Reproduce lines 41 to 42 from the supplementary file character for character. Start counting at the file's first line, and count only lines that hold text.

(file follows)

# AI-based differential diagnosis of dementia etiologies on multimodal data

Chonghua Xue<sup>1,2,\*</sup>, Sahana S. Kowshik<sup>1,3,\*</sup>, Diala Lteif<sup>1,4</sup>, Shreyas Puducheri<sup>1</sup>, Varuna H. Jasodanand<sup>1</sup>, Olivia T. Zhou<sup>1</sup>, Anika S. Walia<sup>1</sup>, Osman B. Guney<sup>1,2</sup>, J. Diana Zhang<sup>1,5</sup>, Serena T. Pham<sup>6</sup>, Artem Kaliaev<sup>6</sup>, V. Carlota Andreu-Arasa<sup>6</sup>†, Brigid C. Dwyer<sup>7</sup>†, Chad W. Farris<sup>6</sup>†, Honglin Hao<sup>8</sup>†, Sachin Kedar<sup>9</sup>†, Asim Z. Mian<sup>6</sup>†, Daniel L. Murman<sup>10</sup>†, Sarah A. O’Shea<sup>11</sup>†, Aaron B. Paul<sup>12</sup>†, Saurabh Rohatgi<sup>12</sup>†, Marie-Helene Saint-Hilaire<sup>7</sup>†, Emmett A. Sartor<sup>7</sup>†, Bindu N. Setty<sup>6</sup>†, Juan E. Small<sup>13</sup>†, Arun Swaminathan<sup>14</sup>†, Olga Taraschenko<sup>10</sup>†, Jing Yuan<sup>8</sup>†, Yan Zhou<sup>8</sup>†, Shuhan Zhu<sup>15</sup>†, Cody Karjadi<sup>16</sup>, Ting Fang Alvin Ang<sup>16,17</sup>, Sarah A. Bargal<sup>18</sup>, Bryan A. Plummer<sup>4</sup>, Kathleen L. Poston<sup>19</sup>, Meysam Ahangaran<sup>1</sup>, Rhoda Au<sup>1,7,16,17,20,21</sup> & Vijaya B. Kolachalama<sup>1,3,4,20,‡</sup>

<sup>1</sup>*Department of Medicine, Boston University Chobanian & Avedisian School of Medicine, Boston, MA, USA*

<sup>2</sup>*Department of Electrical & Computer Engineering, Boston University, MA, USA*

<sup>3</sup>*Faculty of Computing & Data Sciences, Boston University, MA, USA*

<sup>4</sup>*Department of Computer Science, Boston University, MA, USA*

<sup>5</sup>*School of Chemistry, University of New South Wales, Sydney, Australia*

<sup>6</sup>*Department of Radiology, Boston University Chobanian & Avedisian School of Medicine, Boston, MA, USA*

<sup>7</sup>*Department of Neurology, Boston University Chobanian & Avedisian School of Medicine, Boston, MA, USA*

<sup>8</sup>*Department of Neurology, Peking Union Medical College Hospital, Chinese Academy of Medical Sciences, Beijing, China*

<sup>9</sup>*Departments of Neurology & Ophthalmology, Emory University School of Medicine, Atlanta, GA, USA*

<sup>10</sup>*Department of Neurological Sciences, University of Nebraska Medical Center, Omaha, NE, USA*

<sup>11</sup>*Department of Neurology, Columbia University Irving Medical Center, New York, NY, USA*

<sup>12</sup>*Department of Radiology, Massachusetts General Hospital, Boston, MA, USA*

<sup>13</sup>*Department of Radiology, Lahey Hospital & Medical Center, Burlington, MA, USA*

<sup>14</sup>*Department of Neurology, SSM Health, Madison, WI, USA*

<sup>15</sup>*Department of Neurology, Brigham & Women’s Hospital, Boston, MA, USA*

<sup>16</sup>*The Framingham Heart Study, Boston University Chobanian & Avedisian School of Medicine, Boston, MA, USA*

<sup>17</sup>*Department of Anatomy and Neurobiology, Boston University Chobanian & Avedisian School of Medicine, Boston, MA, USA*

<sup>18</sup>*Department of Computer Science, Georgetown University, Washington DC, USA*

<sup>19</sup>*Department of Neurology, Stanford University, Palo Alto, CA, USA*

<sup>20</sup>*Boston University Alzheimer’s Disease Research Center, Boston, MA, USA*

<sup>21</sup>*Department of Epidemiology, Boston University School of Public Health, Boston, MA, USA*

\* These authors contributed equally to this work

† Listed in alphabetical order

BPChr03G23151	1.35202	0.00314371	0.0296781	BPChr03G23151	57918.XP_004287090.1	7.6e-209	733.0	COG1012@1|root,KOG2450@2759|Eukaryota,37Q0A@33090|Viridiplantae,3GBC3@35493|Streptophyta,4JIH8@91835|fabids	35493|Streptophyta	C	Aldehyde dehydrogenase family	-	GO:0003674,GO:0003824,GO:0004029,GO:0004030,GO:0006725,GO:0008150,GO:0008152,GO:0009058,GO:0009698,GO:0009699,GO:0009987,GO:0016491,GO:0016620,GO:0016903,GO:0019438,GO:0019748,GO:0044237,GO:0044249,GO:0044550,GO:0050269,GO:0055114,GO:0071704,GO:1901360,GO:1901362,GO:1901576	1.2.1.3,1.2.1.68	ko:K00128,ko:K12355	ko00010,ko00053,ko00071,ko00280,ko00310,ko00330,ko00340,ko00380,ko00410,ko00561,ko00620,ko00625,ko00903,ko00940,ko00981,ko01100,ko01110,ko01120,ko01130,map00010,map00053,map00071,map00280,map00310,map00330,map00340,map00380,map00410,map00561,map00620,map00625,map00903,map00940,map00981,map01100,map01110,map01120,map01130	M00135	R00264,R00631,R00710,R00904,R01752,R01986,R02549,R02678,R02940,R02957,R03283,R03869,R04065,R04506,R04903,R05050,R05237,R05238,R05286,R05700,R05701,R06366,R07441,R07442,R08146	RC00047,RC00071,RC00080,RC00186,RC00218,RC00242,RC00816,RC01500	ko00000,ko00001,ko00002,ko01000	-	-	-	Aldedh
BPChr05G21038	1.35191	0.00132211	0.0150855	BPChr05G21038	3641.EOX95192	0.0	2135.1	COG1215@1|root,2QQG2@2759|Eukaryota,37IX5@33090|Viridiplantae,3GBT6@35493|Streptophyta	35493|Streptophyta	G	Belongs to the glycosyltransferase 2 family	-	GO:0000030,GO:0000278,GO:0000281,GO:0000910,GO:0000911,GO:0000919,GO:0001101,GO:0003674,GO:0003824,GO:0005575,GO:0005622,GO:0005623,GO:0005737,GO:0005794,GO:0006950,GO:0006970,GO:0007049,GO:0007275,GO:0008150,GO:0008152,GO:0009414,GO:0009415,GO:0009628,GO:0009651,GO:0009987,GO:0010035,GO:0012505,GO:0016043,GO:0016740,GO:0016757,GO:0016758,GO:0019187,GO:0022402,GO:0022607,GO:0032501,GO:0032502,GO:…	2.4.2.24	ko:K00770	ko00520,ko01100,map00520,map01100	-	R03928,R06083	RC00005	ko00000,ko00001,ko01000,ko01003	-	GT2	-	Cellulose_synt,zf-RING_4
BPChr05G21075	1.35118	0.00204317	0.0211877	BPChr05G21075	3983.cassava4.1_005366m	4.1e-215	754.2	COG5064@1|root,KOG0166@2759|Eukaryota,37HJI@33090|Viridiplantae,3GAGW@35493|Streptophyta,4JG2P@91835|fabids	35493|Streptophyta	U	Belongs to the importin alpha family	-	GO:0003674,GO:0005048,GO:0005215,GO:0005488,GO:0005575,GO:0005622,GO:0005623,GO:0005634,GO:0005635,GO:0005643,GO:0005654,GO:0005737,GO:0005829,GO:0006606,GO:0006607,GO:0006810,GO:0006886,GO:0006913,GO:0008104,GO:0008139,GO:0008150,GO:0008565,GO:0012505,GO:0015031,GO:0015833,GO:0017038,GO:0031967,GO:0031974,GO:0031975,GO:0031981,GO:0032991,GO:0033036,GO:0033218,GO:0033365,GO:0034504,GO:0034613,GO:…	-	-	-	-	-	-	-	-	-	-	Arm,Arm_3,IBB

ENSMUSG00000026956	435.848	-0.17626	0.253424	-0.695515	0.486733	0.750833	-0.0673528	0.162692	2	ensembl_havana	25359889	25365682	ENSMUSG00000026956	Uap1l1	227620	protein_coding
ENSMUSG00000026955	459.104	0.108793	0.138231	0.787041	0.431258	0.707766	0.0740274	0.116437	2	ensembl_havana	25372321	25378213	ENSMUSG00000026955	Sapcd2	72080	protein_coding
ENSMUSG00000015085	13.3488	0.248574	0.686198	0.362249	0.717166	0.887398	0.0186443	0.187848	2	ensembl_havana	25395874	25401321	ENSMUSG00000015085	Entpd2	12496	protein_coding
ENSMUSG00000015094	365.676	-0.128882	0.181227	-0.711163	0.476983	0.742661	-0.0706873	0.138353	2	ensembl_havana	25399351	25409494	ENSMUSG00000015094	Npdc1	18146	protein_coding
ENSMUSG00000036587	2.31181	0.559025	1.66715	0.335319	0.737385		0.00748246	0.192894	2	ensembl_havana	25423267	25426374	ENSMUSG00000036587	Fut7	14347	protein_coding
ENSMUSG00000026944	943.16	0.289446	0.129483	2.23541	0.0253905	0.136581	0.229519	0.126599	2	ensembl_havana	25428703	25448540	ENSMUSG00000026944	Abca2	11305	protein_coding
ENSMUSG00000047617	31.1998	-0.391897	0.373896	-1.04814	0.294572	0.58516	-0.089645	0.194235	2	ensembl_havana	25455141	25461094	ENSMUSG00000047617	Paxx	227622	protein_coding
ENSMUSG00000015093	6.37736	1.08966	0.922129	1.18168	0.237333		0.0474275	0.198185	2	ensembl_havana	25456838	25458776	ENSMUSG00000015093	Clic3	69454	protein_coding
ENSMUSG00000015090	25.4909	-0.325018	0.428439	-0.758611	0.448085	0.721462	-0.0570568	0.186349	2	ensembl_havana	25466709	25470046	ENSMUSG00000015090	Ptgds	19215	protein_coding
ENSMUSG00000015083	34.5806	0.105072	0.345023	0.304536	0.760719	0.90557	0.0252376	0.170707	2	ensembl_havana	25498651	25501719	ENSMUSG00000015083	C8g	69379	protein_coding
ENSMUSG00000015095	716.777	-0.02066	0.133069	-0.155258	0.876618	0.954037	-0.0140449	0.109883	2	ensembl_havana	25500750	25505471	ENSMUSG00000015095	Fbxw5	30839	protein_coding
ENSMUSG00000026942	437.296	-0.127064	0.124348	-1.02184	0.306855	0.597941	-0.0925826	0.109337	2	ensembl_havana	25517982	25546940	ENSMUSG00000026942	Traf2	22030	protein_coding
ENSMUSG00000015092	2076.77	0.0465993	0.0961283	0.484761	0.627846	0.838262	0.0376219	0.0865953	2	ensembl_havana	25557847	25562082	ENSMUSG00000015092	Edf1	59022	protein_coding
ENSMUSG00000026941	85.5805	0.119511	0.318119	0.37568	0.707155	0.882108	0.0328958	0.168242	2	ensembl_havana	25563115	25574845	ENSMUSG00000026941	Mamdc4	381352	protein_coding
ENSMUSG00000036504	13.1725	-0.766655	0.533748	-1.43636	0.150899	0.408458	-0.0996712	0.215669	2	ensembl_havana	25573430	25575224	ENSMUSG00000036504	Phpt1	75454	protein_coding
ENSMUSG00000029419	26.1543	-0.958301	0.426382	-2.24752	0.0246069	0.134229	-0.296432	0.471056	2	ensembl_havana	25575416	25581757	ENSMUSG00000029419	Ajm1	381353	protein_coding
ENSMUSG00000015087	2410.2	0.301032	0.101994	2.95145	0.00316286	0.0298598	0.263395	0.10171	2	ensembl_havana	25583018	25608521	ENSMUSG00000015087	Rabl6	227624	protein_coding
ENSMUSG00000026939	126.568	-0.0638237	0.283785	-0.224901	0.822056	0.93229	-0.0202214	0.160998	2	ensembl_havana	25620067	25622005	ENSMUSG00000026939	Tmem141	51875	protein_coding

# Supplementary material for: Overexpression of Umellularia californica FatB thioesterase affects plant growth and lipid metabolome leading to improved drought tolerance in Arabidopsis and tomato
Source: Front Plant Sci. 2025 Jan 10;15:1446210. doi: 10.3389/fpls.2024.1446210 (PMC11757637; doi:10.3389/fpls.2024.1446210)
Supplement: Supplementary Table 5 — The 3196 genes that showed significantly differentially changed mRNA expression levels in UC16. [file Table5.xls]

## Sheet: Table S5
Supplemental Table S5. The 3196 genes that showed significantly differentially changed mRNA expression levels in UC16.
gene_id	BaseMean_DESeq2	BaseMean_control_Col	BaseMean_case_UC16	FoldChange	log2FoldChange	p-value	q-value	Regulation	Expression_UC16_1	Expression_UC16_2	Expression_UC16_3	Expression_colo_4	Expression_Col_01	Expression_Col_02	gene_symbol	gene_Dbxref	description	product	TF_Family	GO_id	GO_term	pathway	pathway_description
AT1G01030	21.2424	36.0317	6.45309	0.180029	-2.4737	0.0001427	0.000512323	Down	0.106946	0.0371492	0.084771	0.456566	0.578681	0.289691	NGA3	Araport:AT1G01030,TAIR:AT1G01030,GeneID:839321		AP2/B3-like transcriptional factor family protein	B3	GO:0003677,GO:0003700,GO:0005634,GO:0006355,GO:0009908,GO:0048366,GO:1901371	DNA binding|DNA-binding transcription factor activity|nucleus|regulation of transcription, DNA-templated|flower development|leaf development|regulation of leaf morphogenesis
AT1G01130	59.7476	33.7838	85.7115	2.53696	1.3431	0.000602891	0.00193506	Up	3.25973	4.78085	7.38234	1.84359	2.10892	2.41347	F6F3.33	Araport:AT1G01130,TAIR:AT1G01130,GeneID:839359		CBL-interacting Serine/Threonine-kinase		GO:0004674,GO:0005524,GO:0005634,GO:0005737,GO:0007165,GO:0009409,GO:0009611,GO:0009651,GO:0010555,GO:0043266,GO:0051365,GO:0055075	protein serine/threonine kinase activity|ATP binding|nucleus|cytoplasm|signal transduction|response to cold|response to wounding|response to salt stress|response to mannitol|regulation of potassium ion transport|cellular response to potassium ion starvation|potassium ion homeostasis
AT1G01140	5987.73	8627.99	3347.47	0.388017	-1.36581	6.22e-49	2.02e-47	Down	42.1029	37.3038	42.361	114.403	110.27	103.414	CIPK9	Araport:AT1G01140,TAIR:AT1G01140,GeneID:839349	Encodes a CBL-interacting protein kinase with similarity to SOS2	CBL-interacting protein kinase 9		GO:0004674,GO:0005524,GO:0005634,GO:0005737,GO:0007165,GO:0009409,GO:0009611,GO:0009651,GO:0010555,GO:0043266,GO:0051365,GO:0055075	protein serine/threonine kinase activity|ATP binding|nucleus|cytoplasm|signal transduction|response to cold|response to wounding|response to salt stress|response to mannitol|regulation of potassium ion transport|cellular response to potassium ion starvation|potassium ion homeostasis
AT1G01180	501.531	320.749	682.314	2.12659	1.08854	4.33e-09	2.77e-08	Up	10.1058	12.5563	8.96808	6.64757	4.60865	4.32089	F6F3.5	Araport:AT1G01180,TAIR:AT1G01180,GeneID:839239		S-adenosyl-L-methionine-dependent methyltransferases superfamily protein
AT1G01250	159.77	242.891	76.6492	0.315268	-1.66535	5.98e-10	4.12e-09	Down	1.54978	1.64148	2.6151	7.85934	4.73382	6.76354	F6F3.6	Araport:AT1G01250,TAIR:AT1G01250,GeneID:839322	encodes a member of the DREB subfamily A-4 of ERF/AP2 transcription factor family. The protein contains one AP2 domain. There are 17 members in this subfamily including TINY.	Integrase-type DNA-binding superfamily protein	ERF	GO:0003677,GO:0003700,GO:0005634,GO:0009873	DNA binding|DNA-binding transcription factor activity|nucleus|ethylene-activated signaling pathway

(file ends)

ENSMUSG00000015092	2076.77	0.0465993	0.0961283	0.484761	0.627846	0.838262	0.0376219	0.0865953	2	ensembl_havana	25557847	25562082	ENSMUSG00000015092	Edf1	59022	protein_coding
ENSMUSG00000026941	85.5805	0.119511	0.318119	0.37568	0.707155	0.882108	0.0328958	0.168242	2	ensembl_havana	25563115	25574845	ENSMUSG00000026941	Mamdc4	381352	protein_coding